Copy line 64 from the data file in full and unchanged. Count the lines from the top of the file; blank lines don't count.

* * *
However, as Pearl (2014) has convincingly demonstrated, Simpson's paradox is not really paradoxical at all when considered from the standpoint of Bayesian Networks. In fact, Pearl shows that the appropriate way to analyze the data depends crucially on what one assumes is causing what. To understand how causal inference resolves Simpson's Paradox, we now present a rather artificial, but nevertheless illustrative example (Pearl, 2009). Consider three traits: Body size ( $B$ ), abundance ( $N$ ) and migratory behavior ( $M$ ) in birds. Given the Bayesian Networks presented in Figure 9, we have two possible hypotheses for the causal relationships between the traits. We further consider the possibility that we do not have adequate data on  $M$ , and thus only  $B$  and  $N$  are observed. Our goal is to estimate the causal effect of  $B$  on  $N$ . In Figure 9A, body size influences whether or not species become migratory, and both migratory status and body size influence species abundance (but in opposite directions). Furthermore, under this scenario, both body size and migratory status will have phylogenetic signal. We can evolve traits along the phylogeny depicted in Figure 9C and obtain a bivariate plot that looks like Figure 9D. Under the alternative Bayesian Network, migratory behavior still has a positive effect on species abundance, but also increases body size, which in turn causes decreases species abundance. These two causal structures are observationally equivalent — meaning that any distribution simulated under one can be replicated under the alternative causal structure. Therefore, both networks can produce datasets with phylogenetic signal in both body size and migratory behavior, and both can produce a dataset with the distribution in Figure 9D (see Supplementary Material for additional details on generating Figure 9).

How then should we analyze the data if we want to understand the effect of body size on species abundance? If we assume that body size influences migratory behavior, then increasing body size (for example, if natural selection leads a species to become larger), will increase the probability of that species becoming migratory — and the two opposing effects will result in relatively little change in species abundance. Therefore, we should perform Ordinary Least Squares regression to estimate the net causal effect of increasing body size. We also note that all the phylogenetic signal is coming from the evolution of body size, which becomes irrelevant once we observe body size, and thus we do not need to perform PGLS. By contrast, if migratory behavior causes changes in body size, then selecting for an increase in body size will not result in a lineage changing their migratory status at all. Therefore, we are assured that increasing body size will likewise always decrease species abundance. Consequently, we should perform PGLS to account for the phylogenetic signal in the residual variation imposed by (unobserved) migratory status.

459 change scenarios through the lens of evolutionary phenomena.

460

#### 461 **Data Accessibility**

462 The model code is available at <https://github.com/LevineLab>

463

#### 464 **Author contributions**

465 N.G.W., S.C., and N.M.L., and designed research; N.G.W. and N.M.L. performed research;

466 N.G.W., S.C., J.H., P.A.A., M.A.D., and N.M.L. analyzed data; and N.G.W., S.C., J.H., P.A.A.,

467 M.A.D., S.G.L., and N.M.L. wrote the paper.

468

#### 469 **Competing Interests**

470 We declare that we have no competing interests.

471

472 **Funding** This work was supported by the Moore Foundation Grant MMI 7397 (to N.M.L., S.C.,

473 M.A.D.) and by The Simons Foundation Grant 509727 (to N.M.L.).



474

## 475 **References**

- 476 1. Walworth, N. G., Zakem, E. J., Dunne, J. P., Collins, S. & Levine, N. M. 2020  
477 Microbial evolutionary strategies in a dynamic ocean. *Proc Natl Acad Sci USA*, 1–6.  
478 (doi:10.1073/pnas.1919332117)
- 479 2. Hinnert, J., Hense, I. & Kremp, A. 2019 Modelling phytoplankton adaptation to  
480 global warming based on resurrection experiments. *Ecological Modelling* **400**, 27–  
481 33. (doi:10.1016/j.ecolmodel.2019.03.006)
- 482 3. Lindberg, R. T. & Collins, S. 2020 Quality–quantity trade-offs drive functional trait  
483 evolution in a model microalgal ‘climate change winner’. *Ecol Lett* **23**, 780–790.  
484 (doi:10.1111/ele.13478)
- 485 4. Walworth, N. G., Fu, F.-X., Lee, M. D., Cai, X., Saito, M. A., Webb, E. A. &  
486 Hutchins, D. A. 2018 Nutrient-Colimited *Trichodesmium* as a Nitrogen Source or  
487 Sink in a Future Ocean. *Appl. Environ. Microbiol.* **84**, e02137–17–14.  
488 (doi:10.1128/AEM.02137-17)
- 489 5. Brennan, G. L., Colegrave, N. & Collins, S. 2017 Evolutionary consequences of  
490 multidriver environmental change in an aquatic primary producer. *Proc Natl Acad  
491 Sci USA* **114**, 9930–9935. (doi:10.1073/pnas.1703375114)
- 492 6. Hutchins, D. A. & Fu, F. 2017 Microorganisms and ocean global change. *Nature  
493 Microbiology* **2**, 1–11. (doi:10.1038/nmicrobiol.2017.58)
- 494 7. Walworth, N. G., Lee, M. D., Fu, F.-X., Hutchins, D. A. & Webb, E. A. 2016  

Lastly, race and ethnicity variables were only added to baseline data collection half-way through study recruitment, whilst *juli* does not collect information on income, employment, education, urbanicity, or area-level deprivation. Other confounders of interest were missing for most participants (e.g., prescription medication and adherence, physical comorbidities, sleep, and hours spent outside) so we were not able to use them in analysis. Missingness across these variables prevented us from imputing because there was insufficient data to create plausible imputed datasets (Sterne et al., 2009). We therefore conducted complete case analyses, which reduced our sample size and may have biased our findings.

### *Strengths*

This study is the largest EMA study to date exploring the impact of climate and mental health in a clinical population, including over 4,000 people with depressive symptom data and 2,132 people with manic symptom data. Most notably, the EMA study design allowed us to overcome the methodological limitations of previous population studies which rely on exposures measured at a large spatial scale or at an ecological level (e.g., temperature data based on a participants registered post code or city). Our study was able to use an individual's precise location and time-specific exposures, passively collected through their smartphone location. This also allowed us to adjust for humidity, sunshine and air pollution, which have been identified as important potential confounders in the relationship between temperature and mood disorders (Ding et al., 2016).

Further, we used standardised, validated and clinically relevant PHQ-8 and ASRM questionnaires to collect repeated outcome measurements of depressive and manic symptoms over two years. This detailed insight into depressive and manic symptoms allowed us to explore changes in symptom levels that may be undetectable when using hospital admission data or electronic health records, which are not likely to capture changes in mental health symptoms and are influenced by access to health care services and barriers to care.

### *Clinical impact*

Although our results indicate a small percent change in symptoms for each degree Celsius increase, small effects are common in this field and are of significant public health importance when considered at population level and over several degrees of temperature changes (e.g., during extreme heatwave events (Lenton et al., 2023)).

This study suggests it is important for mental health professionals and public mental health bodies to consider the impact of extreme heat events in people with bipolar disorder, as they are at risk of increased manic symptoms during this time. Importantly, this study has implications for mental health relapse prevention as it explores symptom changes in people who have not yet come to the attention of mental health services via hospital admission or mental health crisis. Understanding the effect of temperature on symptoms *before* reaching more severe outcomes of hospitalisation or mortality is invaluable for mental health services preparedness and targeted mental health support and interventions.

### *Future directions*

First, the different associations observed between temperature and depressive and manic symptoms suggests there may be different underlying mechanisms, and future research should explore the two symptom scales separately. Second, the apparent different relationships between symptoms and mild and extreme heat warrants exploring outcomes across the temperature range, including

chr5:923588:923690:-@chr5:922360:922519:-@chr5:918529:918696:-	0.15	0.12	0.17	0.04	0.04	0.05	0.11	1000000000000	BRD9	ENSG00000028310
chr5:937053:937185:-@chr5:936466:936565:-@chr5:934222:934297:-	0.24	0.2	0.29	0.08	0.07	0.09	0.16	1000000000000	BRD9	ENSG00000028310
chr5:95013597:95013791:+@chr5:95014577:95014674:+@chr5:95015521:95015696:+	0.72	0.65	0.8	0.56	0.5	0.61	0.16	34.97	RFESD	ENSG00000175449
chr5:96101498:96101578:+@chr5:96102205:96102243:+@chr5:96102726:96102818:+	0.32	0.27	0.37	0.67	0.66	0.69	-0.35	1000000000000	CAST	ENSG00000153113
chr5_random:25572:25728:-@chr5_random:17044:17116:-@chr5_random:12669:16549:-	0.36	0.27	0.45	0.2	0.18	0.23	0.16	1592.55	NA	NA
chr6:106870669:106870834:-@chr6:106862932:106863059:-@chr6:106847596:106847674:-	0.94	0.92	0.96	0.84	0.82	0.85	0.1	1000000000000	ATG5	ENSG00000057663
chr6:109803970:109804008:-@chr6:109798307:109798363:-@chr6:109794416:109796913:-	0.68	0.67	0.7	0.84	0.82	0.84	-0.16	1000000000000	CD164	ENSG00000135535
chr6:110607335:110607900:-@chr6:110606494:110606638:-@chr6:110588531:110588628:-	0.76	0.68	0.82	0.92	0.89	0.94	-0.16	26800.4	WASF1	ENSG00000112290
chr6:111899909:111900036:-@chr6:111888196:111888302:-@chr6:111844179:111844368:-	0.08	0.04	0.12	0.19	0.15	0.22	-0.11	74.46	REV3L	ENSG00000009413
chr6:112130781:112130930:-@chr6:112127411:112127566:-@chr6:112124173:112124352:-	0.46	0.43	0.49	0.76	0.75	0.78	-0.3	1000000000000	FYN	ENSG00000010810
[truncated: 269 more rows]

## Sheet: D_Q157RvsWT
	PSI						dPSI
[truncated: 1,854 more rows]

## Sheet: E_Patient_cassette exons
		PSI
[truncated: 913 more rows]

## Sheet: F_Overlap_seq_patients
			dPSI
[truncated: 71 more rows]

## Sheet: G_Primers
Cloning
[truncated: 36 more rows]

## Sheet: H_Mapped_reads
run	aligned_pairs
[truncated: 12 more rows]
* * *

[truncated: 913 more rows]